The Prince held out his hand. Count von Breitstein grasped it, and then hurried to his electric carriage which had been waiting outside the hotel. A few minutes later, he was talking over the wire to the Emperor in the railway station at Felgarde.



CHAPTER XVII

THE OLDNESS OF THE CHANCELLOR

Leopold thought it more than possible that, by the time of his return to Kronburg, the Chancellor would be as anxious to wriggle out of his proposal to visit the Prince's hunting lodge, as he had been to have it accepted a few hours before.

"He sha'n't escape his humiliation, though," the Emperor told himself. "He shall go, and he shall beg forgiveness for his suspicions, in sackcloth and ashes. Nothing else can satisfy me now."

Thinking thus, Leopold looked sharply from the window as his special slowed into the central station at Kronburg, along the track which had been kept clear for its arrival. No other train was due at the moment, therefore few persons were on the platform, and a figure in a long gray coat, with its face shadowed by a slouch hat, was conspicuous.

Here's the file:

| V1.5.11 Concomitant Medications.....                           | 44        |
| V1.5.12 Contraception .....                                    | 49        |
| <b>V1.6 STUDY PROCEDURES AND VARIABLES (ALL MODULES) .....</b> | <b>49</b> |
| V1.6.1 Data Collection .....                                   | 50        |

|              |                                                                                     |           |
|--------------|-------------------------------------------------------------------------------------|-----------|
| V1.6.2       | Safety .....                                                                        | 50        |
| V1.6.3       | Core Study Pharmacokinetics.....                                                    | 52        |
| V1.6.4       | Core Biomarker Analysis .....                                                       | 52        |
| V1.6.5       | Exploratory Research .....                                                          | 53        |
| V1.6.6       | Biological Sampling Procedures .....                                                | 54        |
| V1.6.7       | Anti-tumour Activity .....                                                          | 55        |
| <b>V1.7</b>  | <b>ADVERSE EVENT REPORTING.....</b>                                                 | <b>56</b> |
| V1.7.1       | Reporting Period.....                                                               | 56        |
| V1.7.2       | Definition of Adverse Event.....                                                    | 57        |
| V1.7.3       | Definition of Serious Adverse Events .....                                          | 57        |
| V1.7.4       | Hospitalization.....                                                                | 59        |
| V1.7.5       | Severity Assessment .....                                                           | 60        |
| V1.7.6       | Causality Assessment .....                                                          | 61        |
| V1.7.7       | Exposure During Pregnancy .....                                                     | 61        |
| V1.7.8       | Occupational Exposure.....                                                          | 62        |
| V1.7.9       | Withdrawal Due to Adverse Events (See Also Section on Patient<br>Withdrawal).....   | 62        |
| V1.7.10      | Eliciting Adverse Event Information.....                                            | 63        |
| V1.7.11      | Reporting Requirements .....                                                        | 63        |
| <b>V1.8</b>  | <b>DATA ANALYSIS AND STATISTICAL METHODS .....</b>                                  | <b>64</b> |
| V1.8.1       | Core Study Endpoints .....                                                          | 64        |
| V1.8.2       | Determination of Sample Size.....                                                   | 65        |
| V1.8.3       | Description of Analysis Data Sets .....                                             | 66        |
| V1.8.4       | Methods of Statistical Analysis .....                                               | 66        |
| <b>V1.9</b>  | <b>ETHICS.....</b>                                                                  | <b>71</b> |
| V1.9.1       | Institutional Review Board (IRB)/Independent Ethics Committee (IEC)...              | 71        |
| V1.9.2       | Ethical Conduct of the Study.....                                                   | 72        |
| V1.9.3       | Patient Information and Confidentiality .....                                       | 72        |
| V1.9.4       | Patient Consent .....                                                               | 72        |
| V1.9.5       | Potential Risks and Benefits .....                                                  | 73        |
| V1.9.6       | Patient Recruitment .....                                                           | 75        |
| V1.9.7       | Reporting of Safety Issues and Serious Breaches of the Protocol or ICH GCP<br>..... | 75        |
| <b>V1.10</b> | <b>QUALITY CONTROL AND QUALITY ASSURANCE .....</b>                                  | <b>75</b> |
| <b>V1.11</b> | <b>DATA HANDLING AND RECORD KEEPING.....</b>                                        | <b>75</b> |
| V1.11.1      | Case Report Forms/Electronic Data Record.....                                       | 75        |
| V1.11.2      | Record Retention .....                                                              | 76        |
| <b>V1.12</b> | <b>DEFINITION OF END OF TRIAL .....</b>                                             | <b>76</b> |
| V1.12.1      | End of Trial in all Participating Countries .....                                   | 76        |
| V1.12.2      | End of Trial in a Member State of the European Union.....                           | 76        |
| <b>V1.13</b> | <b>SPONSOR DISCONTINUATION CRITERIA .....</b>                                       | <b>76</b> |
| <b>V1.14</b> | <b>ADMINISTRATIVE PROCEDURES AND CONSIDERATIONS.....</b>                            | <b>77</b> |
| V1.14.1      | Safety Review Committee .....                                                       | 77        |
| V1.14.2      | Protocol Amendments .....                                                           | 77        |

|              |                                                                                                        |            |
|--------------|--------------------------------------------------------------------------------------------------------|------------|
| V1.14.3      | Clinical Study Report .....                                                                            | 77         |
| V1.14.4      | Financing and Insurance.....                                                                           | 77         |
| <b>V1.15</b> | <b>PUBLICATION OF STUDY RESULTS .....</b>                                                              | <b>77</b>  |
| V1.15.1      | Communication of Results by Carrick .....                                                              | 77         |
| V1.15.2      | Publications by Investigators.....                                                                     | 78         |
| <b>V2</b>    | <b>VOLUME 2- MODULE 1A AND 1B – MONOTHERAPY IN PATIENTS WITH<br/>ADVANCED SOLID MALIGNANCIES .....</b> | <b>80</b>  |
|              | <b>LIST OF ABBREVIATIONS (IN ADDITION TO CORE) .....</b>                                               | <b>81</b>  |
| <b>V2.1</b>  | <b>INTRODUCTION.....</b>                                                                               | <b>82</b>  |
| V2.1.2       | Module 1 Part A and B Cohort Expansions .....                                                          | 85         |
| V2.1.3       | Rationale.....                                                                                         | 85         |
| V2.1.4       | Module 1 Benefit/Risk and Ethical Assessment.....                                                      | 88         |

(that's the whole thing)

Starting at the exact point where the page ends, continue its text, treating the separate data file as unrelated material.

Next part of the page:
The Emperor had expected to see that figure; but vaguely he wished there were not so much briskness and self-confidence in the set of the massive head and shoulders. The young man believed absolutely in his love; but he would have been gratified to detect a something of depression in the enemy's air, which he might translate as a foreknowledge of failure.

"I hope your Majesty will forgive the liberty I have taken, in coming to the station without a distinct invitation to do so," were the Chancellor's first words as he met the Emperor. "Knowing that you would almost certainly arrive by special train, I came down from my house some time ago, that I might be on hand without fail when you arrived, to place my electric carriage at your service. I thought it probable that you would not have sent to the Palace, and therefore it might save you some slight inconvenience if I were on the spot. If you will honor my poor conveyance—"

"Don't let us delay our business for explanations or compliments, if you please, Chancellor," the Emperor cut him short, brusquely. "I counted on your being here, with your carriage. Now for the hunting lodge in the woods!"

As he spoke, his eyes were on the old man's face, which he hoped to see fall, or change; but there was no visible sign of discomfiture, and von Breitstein made no attempt to excuse himself from making the proposed visit. Evidently nothing had happened during the hours since the message by telephone, to change the Chancellor's mind.

"Yes, your Majesty," came the prompt response. "Now for the hunting lodge in the woods. I am ready to go with you there—as I always have been, and always shall be ready to serve you when I am needed."